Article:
S&P warned “if lawmakers fail to reach agreement on a budget with provisions designed to reduce the state's structural deficit, it's likely we will again lower the ratings.”
Fitch Ratings, which has its BBB rating on negative watch, has said it views the July 1 beginning of the new fiscal year as a key marker for a downgrade.
The filing also argues that a July 1 delay would give the state “some additional time to determine how to comply with the court’s order” given that “the state’s cash flow crisis leaves defendants with no obvious way to satisfy plaintiffs’ request for relief.”
Investors and analysts are concerned about the impact of potential court actions sought by stakeholders starved for payment as the budget impasse nears a third fiscal year.
The latest court action stems from a consent decree reached two years ago with Medicaid recipients requiring the state to pay providers in a timely and expedited fashion to ensure that patients are not deprived of care. They returned seeking an order recently because the state is $2 billion behind.
“If the managed care organizations don’t get paid, doctors don’t get paid,” and recipients are in danger of losing access to essential health care because of the state delays, Thomas Yates of the Legal Counsel for Health Justice said after the Tuesday hearing.
“This court has the power and duty to enforce the federal consent decree by holding that payments to MCOs [managed care organizations], needed to maintain the required services to Medicaid beneficiaries, must take precedence over pure state obligations such as payments into the state pension system,” the plaintiffs' latest filing said.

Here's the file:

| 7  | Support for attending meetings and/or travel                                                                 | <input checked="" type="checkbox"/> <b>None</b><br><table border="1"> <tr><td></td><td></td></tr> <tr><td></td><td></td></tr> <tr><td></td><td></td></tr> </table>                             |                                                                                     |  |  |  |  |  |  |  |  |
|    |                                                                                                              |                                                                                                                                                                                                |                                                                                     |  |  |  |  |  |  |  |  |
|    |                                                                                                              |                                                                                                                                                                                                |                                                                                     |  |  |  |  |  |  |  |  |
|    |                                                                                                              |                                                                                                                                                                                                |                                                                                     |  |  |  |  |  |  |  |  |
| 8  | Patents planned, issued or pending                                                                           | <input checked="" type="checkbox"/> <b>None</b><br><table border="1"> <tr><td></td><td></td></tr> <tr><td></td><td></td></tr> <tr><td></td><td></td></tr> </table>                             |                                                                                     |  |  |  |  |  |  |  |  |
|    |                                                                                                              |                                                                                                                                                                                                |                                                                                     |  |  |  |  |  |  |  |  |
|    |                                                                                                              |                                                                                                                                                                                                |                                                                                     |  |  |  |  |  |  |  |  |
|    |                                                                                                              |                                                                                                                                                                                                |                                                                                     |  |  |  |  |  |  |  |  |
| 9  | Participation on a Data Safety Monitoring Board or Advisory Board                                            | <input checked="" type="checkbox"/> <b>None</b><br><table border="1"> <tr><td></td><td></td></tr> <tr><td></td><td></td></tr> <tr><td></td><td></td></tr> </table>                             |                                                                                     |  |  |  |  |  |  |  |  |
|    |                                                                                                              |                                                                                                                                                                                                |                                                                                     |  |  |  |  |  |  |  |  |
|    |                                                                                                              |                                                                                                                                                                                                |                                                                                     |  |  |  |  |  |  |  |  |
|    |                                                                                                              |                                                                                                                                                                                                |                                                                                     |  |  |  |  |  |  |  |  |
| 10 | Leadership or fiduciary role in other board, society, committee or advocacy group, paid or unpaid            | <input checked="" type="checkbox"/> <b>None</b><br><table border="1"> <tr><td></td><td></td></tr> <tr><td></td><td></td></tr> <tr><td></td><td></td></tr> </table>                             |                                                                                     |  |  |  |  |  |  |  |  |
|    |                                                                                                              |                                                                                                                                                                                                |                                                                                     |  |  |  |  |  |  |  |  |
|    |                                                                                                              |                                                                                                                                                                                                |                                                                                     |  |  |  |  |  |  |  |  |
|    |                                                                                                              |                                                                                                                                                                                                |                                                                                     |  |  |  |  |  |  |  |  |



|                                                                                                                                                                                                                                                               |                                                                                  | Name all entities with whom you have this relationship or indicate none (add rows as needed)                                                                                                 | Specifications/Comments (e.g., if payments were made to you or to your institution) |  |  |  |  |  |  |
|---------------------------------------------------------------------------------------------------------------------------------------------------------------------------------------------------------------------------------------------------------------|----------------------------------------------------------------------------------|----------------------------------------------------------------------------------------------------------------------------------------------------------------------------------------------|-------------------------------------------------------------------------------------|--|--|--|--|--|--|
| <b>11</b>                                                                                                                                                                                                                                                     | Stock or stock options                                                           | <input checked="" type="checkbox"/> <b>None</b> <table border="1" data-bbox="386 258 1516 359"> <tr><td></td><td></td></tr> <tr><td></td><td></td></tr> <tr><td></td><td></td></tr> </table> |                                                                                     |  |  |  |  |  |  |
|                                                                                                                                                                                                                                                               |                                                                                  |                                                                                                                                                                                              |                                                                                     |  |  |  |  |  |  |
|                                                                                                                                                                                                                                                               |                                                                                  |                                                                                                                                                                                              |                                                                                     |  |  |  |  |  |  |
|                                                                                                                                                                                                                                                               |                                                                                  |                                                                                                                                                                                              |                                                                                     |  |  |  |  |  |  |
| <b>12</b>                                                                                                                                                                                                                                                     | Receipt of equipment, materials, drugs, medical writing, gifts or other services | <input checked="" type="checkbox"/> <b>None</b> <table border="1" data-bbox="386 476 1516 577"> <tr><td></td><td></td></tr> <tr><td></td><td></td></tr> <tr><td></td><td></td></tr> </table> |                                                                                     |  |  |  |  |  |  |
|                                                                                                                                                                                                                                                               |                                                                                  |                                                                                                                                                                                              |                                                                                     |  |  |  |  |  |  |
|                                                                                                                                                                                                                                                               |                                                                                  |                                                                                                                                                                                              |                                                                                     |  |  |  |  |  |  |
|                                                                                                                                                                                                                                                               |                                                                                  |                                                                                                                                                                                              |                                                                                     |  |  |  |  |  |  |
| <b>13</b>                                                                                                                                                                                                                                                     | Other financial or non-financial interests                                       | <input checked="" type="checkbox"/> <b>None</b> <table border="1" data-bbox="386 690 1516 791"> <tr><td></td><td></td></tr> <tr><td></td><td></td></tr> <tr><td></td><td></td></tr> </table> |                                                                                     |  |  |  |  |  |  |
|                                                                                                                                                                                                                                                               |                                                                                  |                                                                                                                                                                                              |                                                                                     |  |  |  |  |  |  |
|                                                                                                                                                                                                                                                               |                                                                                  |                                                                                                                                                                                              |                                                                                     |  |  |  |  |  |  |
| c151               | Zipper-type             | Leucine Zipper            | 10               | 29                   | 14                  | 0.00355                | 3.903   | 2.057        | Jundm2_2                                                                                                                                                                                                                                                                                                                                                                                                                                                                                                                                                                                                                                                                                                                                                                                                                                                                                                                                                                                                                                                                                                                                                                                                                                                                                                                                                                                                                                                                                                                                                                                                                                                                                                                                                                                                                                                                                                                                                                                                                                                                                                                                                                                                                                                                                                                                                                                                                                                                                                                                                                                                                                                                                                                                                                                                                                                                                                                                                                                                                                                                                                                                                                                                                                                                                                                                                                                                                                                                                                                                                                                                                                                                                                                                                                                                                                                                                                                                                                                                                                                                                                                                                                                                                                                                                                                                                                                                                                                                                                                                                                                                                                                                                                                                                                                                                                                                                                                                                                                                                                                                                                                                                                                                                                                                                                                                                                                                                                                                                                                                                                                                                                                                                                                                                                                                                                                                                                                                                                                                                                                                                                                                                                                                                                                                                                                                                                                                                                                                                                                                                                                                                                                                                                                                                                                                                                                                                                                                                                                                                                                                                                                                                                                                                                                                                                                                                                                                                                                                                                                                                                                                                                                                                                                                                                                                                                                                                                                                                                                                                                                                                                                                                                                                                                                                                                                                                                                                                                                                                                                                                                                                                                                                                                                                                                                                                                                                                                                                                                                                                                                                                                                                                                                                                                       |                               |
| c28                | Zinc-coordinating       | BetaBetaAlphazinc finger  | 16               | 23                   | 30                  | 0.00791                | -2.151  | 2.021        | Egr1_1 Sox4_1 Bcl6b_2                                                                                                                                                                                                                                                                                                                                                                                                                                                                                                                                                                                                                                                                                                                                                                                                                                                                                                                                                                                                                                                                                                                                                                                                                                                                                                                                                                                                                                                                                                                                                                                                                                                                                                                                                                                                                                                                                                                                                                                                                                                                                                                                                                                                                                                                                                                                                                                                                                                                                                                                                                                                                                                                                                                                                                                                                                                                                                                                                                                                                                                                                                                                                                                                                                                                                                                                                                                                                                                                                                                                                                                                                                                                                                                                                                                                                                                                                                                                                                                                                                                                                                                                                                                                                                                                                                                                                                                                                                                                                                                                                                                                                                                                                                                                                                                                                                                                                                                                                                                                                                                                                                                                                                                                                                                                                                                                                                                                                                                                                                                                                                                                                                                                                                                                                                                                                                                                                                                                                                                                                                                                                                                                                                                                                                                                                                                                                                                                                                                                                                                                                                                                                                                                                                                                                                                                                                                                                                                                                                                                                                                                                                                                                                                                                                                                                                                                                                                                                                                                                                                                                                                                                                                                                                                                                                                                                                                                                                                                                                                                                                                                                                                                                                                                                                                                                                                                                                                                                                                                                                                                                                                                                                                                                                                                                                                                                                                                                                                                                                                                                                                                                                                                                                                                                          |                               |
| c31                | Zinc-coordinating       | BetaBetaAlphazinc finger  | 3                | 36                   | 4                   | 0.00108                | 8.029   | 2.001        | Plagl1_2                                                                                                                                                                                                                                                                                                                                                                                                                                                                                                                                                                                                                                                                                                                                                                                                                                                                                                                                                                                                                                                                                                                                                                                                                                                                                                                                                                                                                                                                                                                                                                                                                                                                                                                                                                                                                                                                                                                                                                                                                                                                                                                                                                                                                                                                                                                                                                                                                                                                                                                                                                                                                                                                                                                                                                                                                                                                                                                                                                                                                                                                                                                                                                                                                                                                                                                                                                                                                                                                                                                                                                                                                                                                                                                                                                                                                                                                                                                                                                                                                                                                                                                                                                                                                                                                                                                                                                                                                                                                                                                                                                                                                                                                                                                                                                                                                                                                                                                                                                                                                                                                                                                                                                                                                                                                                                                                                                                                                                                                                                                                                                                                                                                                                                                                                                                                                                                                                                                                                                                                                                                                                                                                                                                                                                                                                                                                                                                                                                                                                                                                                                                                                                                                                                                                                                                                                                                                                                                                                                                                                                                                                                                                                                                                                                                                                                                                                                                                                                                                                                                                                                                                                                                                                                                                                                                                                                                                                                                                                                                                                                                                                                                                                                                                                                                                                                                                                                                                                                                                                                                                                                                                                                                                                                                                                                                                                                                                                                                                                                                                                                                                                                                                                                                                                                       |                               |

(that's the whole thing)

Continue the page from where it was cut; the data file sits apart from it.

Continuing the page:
About 90% of state spending is ongoing under continuing appropriations, consent decrees, and court orders. Under the original decree, most payments owed to Medicaid providers receive priority over general services but don’t fall into the category of “core priority” payments, with the exception of $160 million.
Other core expenses include $226 million in monthly debt service, $593 million in monthly pension payments, $370 million for payroll, and $270 million in state aid to school districts. Those and other categories total $2.1 billion monthly and consume about 90% of monthly revenues. Comptroller Susana Mendoza’s office has vouchers totaling $2.1 billion for payments owed to general Medicaid providers.
On the surface, an adverse state ruling would not appear to impact state GO repayment as the debt enjoys far-reaching protections under the GO Bond Act. Those protections extend beyond a reliance on general fund revenues to include all legally available revenue including special funds which combined held $10.8 billion as of May 30. The state also sets aside in monthly allotments the funds needed for debt service 12 months ahead of payment dates.
The escalating pressure caused by the budget delay could render those protections moot, analysts say.
"The complete collapse in willingness demonstrated by the state’s purely political (and thus avoidable) budget crisis suggests the potential for opportunistic rule changes and security diminution if general fund solvency continues to erode," Municipal Market Analytics wrote Monday in its weekly outlook.
“The priority given to debt service on Illinois' GO bonds makes them less vulnerable to nonpayment, but in our view the policy tradeoffs this entails are becoming starker. Without an enacted budget, we believe there is growing uncertainty as to the state's ongoing willingness to fund its GO debt service transfers, particularly in the event of economic deterioration,” S&P wrote in its downgrade report.